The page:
During my active missionary work, however, no evangelical book articulated the biblical basis for mission, encompassing the whole Bible systematically, the way Catholic scholars Donald Senior and Carroll Stuhlmueller did in their book The Biblical Foundations for Mission (Maryknoll, N.Y.: Orbis Books, 1983). In recent years this has changed, as evangelicals such as Chris Wright and Vinoth Ramachandra have worked intensively in this area.
For decades, the standard work in Spanish about the history of missions has been Justo Gonzalez, Historia de las misiones (Buenos Aires: Methopress, 1970). The updated edition, coauthored with Carlos Cardoza Orlandi, is Historia general de las misiones (Barcelona: CLIE, 2008), which I understand will soon appear in English. Their point of view incorporates the reflection on history that Gonzalez has expounded in his more recent books. Before I started to regularly use Kenneth Scott Latourette's seven-volume classic, A History of the Expansion of Christianity (New York: Harper, 1937-45), I became acquainted with this great Baptist historian through his book Desafio a los protestantes (Challenge to Protestants) (Buenos Aires: La Aurora, 1957), which is the text of his 1956 Carnahan Lectures at the Union Seminary of Buenos Aires. History was also important in a book that Latin American Protestants consider a classic example of the interpretation of Christianity in the Iberian Peninsula and in Latin America: John A. Mackay, The Other Spanish Christ (New York: Macmillan, 1932). For me, its Spanish version, El otro Cristo espanol (Mexico City: CUP, 1952), became a model of missiological reflection, as Mackay applied to his subject historical understanding, theological foundations, and social analysis, all motivated by a deep sense of missionary vocation. Through my work with IFES I became familiar with the American missionary enterprise, but it was an edited volume by Joel A. Carpenter and Wilbert B. Shenk, Earthen Vessels: American Evangelicals and Foreign Missions, 1880-1980 (Grand Rapids: Eerdmans, 1990), that first brought a proper historical approach for understanding this important movement. Andrew Walls's contribution to that symposium, which was my first acquaintance with him, became a model for me of missiological reflection; I have treasured his books.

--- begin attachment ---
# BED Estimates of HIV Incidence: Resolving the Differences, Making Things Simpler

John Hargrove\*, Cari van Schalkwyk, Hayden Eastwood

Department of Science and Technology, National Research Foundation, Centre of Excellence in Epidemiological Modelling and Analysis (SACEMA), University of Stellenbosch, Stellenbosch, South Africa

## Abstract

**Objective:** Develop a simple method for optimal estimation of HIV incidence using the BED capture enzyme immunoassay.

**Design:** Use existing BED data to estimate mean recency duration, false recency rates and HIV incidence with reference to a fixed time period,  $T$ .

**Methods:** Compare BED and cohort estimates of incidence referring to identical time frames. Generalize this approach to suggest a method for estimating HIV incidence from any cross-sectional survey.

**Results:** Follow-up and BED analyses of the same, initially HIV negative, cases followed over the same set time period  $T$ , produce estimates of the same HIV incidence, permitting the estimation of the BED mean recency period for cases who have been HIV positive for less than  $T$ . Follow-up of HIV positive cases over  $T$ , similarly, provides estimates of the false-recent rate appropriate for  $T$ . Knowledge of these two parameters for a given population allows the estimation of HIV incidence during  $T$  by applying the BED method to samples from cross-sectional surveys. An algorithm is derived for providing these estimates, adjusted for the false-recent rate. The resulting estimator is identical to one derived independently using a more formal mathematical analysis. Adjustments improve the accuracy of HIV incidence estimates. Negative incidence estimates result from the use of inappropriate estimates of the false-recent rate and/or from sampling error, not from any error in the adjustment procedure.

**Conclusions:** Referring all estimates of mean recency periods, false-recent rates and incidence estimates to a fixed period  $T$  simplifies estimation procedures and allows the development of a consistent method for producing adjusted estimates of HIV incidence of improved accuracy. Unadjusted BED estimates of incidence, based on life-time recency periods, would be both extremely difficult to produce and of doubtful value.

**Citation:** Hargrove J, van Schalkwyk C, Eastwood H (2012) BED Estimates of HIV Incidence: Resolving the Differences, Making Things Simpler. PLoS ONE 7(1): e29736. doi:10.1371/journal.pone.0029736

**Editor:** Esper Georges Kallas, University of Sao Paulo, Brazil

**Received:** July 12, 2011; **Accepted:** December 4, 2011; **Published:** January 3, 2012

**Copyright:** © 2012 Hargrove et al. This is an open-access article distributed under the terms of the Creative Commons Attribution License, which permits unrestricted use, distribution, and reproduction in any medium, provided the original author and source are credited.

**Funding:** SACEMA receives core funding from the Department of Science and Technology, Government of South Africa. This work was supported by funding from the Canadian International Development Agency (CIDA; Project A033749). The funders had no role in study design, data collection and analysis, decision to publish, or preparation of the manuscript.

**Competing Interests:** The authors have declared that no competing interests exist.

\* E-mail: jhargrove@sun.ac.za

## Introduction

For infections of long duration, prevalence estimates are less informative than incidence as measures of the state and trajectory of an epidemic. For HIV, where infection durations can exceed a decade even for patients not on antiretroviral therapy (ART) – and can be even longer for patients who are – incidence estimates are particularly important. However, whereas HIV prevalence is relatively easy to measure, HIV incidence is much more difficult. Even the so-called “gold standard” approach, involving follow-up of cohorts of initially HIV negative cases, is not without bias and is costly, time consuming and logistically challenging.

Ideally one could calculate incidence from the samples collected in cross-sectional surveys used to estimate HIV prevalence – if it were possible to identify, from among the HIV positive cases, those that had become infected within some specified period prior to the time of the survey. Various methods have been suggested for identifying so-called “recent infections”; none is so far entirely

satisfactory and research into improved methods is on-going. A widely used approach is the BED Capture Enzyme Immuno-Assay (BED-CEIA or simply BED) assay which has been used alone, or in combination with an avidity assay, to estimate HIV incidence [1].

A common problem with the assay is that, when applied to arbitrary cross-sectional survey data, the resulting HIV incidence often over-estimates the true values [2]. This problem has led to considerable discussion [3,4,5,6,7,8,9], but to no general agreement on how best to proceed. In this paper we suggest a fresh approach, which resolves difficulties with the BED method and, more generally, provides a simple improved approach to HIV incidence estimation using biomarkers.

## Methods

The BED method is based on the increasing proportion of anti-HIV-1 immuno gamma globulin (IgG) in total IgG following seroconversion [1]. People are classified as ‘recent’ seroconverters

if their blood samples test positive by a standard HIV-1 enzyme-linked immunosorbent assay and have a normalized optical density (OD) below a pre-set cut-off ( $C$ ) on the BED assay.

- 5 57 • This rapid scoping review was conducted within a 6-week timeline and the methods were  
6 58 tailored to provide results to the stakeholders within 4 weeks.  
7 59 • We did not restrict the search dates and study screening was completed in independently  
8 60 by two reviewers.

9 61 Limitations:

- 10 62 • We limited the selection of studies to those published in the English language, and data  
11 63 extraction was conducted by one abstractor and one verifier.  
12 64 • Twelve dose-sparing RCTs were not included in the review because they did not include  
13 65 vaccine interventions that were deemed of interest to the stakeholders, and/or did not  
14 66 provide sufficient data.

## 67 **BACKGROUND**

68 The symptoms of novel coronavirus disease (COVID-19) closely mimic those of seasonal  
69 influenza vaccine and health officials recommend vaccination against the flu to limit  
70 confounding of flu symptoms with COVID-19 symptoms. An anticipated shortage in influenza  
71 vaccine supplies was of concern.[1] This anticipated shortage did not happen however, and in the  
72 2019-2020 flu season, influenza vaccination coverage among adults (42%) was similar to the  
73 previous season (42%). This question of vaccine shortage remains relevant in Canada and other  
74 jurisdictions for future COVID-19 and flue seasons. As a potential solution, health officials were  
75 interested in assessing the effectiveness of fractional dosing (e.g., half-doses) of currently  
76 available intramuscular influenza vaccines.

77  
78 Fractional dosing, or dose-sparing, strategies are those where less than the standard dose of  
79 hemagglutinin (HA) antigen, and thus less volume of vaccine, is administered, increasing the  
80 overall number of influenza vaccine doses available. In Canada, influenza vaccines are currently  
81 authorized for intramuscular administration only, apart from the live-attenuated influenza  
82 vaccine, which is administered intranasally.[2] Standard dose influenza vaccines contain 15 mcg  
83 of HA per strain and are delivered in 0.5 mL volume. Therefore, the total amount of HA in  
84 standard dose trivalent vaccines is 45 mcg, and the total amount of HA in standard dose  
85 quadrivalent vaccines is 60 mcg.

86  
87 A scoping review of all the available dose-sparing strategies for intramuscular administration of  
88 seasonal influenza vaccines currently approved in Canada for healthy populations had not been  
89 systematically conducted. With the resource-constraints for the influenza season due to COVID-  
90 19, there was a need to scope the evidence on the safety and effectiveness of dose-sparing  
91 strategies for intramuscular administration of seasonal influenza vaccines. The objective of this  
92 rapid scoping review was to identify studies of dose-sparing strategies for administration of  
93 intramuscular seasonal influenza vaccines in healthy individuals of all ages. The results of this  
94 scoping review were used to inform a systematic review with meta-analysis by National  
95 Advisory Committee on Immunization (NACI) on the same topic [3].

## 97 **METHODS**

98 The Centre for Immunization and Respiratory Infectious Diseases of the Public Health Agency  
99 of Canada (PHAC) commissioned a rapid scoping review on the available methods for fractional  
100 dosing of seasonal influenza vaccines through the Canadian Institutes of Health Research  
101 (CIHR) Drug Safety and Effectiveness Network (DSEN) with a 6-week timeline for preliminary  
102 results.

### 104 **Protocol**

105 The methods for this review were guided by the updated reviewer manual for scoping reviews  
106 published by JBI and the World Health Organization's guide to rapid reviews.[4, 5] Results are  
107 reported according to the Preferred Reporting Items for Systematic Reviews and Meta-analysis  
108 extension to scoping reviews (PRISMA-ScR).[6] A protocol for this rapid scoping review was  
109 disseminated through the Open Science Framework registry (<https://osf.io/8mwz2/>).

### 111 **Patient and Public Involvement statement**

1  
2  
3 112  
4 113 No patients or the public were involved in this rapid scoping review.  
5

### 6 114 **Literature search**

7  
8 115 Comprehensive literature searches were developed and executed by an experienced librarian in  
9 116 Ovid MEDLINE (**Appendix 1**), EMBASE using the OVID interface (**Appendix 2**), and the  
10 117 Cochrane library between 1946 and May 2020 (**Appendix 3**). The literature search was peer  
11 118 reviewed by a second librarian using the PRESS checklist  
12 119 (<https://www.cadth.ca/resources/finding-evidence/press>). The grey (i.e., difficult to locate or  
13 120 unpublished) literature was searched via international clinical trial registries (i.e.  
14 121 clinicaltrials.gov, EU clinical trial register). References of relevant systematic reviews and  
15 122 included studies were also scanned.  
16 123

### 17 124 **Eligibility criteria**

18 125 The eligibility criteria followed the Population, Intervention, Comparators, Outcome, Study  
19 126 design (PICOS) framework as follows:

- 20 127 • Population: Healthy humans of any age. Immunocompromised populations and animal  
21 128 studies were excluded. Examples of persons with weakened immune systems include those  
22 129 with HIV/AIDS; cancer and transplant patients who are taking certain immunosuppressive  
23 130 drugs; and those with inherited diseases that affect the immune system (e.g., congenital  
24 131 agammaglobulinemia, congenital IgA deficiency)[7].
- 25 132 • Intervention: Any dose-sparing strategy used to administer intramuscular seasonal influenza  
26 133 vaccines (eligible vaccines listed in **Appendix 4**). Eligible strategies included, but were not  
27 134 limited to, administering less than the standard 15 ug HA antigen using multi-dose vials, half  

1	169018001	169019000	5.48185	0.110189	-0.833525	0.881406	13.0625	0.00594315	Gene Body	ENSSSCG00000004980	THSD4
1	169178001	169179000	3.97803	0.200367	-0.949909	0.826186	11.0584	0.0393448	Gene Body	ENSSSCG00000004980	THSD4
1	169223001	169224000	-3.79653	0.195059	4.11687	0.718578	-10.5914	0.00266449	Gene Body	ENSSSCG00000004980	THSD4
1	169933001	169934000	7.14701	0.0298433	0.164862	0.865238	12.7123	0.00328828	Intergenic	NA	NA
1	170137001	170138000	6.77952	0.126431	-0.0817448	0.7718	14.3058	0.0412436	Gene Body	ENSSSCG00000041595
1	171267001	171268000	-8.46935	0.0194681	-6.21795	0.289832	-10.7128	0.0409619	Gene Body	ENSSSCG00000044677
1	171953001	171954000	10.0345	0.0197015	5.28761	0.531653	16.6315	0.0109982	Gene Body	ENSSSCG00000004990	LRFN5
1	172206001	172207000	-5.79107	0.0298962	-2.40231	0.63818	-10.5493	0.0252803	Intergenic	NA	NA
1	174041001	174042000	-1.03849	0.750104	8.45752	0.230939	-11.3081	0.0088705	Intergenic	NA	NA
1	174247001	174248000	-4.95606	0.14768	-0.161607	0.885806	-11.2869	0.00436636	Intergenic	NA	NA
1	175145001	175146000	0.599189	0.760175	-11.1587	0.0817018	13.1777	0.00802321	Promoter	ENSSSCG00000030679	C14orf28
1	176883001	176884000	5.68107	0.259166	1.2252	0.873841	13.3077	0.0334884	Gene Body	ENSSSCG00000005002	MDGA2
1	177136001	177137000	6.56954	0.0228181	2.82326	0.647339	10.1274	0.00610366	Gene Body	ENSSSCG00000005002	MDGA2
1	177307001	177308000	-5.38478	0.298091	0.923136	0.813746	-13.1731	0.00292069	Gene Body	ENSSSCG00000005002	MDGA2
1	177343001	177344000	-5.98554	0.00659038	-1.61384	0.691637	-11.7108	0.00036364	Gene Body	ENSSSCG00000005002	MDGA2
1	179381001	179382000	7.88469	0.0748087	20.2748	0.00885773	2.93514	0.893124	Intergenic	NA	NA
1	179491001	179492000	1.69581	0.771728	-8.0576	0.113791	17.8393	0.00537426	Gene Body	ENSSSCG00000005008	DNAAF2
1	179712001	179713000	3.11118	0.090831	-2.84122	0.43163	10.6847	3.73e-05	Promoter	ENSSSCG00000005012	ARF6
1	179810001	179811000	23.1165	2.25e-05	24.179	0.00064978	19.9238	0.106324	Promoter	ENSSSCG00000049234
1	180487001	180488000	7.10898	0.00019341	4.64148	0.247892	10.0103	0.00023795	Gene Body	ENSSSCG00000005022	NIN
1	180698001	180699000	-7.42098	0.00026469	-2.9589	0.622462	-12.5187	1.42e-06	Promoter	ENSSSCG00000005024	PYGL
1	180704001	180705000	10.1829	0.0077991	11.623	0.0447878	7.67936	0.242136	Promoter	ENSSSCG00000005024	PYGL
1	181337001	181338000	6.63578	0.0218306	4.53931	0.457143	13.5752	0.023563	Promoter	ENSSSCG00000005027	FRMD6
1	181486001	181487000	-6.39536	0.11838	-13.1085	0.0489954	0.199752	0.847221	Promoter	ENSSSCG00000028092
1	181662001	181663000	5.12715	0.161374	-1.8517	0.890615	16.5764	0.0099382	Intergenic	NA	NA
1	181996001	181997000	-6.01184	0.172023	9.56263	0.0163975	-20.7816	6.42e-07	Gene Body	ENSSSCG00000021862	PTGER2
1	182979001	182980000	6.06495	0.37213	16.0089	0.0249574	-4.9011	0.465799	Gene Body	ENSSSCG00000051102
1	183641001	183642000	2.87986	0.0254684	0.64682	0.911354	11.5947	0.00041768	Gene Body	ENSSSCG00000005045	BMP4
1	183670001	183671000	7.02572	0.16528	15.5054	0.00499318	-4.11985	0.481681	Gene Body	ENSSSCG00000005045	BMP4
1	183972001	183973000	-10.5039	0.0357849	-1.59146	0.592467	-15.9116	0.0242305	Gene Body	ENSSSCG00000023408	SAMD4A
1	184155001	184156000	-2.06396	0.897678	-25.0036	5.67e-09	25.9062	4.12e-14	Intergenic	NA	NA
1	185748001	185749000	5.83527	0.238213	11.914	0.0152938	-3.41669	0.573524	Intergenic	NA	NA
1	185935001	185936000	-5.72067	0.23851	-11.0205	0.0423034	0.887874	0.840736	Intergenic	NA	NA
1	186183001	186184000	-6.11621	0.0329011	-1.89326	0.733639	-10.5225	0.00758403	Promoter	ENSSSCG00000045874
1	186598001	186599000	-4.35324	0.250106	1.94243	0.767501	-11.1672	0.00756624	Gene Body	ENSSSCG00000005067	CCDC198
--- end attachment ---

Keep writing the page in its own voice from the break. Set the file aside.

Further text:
During my studies at San Marcos University in Lima, Peru (1951-57), social analysis shaped by Marxism was used to severely criticize the missionary enterprise past and present in Latin America. That challenge, together with our search for a holistic missionary model in IFES student work throughout Latin America, motivated my interest and research regarding the social analysis of the missionary enterprise. I found very helpful E. A. Judge, The Social Pattern of Christian Groups in the New Testament (London: Tyndale Press, 1960), and then later Max Warren, Social History and Christian Mission (London: SCM Press, 1967), as well as Stephen Neill, Colonialism and Christian Mission (New York: McGraw-Hill, 1967). A helpful book of reference is Roger Mehl, The Sociology of Protestantism (London: SCM Press, 1970), which has an excellent chapter on the sociology of missions.